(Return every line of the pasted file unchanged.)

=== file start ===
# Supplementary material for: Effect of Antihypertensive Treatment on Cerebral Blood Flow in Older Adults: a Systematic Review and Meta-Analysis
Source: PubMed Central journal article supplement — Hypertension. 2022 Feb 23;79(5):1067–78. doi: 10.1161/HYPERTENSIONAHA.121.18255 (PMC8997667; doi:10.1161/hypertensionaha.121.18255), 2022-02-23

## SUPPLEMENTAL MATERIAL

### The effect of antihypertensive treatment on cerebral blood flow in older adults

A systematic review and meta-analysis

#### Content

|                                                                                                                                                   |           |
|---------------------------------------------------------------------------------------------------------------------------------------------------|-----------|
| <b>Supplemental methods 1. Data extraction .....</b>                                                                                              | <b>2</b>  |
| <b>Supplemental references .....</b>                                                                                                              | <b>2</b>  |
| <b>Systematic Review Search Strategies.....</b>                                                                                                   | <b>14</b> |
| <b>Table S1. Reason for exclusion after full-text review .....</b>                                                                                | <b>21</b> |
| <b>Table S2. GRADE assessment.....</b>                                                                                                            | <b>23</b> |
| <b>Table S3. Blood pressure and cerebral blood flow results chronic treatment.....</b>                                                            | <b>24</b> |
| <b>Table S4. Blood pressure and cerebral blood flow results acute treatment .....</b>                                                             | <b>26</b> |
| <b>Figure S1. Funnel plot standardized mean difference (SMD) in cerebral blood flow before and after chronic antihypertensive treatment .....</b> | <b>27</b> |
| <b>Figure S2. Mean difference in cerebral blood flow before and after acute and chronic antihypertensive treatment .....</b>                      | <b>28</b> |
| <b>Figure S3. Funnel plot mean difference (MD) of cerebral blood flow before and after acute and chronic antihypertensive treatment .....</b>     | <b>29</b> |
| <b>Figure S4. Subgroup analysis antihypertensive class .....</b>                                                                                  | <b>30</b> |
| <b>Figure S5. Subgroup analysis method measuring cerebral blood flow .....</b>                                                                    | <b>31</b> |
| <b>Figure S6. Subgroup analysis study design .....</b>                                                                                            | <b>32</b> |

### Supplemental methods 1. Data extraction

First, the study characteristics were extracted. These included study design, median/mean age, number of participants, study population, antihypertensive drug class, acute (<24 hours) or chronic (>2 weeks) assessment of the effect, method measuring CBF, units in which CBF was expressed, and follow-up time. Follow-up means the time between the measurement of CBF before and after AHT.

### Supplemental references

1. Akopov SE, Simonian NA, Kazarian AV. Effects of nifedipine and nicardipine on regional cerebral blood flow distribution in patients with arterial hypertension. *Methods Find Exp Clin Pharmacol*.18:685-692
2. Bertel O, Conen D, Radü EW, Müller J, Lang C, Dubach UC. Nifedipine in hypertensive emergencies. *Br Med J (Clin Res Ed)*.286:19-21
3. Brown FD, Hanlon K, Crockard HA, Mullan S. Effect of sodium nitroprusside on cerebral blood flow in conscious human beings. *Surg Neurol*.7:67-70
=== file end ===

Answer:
# Supplementary material for: Effect of Antihypertensive Treatment on Cerebral Blood Flow in Older Adults: a Systematic Review and Meta-Analysis
Source: PubMed Central journal article supplement — Hypertension. 2022 Feb 23;79(5):1067–78. doi: 10.1161/HYPERTENSIONAHA.121.18255 (PMC8997667; doi:10.1161/hypertensionaha.121.18255), 2022-02-23

## SUPPLEMENTAL MATERIAL

### The effect of antihypertensive treatment on cerebral blood flow in older adults

A systematic review and meta-analysis

#### Content

|                                                                                                                                                   |           |
|---------------------------------------------------------------------------------------------------------------------------------------------------|-----------|
| <b>Supplemental methods 1. Data extraction .....</b>                                                                                              | <b>2</b>  |
| <b>Supplemental references .....</b>                                                                                                              | <b>2</b>  |
| <b>Systematic Review Search Strategies.....</b>                                                                                                   | <b>14</b> |
| <b>Table S1. Reason for exclusion after full-text review .....</b>                                                                                | <b>21</b> |
| <b>Table S2. GRADE assessment.....</b>                                                                                                            | <b>23</b> |
| <b>Table S3. Blood pressure and cerebral blood flow results chronic treatment.....</b>                                                            | <b>24</b> |
| <b>Table S4. Blood pressure and cerebral blood flow results acute treatment .....</b>                                                             | <b>26</b> |
| <b>Figure S1. Funnel plot standardized mean difference (SMD) in cerebral blood flow before and after chronic antihypertensive treatment .....</b> | <b>27</b> |
| <b>Figure S2. Mean difference in cerebral blood flow before and after acute and chronic antihypertensive treatment .....</b>                      | <b>28</b> |
| <b>Figure S3. Funnel plot mean difference (MD) of cerebral blood flow before and after acute and chronic antihypertensive treatment .....</b>     | <b>29</b> |
| <b>Figure S4. Subgroup analysis antihypertensive class .....</b>                                                                                  | <b>30</b> |
| <b>Figure S5. Subgroup analysis method measuring cerebral blood flow .....</b>                                                                    | <b>31</b> |
| <b>Figure S6. Subgroup analysis study design .....</b>                                                                                            | <b>32</b> |

### Supplemental methods 1. Data extraction

First, the study characteristics were extracted. These included study design, median/mean age, number of participants, study population, antihypertensive drug class, acute (<24 hours) or chronic (>2 weeks) assessment of the effect, method measuring CBF, units in which CBF was expressed, and follow-up time. Follow-up means the time between the measurement of CBF before and after AHT.

### Supplemental references

1. Akopov SE, Simonian NA, Kazarian AV. Effects of nifedipine and nicardipine on regional cerebral blood flow distribution in patients with arterial hypertension. *Methods Find Exp Clin Pharmacol*.18:685-692
2. Bertel O, Conen D, Radü EW, Müller J, Lang C, Dubach UC. Nifedipine in hypertensive emergencies. *Br Med J (Clin Res Ed)*.286:19-21
3. Brown FD, Hanlon K, Crockard HA, Mullan S. Effect of sodium nitroprusside on cerebral blood flow in conscious human beings. *Surg Neurol*.7:67-70